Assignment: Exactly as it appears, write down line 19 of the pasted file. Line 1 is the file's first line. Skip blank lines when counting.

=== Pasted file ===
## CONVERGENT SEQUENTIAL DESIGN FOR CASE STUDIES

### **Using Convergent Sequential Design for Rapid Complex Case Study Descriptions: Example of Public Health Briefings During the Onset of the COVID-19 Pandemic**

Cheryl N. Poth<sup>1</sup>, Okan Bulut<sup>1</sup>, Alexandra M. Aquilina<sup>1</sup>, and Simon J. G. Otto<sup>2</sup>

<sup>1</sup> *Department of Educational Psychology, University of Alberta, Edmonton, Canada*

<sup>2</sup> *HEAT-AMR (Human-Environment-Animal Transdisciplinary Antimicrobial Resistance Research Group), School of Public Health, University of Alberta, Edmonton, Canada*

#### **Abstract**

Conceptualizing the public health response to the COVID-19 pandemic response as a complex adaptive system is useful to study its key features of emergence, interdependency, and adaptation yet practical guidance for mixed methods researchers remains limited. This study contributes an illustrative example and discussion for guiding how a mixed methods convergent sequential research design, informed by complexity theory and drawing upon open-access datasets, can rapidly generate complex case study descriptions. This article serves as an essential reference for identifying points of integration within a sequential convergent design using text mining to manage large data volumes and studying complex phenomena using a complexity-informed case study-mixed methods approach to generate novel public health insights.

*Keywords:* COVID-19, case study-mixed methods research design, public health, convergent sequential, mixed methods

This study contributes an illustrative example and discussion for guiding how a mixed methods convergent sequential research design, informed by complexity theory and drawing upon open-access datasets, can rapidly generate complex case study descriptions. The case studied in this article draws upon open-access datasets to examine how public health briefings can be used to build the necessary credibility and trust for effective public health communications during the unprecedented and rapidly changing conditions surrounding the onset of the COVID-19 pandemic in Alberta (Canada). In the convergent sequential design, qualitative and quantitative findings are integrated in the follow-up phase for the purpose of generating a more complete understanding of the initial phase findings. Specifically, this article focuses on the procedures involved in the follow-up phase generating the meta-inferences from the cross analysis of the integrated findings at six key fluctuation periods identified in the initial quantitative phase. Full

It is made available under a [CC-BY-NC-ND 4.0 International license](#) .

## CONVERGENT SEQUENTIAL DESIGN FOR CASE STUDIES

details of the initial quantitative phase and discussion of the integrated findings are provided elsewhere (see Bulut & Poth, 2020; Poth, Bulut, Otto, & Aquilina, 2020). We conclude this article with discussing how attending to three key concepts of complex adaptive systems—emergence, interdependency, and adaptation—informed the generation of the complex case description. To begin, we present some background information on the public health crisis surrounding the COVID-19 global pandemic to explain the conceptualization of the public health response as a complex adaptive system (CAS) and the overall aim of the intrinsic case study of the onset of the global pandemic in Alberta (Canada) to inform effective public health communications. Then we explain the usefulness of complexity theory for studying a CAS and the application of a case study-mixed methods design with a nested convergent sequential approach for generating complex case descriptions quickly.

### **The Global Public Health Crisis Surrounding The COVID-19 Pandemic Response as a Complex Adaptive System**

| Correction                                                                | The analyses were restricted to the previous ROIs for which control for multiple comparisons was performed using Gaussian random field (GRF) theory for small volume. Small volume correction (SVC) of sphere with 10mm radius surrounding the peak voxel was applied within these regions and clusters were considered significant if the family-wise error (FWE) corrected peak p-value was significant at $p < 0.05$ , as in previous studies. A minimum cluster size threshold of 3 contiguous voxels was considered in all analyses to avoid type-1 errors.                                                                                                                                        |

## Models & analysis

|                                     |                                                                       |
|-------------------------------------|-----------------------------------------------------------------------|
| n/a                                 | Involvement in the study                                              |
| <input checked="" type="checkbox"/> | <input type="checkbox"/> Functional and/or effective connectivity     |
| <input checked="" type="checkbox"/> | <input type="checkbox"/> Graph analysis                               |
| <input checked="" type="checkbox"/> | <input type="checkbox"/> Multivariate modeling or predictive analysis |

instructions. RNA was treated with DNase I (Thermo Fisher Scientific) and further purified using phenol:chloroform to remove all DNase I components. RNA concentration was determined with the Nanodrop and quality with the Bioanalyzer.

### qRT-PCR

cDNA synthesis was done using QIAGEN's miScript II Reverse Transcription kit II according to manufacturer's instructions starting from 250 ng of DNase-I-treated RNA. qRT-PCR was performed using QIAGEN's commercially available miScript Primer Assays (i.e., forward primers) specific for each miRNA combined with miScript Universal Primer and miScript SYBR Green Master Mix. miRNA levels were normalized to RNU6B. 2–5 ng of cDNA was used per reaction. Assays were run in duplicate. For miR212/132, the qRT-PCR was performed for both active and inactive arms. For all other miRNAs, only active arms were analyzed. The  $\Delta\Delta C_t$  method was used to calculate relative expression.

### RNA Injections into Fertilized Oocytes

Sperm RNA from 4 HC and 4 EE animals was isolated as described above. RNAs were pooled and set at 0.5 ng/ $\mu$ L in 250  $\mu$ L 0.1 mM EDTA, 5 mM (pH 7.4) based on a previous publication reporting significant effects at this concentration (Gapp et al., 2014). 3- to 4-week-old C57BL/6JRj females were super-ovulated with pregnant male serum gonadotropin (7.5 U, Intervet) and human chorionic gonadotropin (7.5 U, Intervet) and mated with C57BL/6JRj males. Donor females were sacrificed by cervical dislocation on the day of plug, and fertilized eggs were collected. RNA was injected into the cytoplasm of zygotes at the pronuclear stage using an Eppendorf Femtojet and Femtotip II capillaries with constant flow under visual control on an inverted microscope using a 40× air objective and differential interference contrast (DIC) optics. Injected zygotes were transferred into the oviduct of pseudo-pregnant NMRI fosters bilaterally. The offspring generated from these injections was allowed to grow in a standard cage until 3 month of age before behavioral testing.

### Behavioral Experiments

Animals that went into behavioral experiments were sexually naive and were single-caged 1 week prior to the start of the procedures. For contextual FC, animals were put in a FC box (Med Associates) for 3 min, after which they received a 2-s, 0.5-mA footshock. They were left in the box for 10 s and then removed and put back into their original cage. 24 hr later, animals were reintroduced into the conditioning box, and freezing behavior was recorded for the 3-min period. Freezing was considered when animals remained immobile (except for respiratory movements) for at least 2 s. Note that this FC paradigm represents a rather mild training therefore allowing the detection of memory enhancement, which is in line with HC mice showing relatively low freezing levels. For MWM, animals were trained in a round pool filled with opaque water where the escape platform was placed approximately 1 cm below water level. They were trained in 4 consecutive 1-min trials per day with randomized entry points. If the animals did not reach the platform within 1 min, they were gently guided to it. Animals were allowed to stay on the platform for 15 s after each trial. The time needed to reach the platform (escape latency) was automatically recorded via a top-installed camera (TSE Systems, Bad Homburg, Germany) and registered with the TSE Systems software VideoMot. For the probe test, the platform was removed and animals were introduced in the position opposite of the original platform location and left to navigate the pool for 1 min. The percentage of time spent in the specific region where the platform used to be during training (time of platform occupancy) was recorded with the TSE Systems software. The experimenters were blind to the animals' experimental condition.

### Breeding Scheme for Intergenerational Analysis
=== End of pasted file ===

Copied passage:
| <input checked="" type="checkbox"/> | <input type="checkbox"/> Functional and/or effective connectivity     |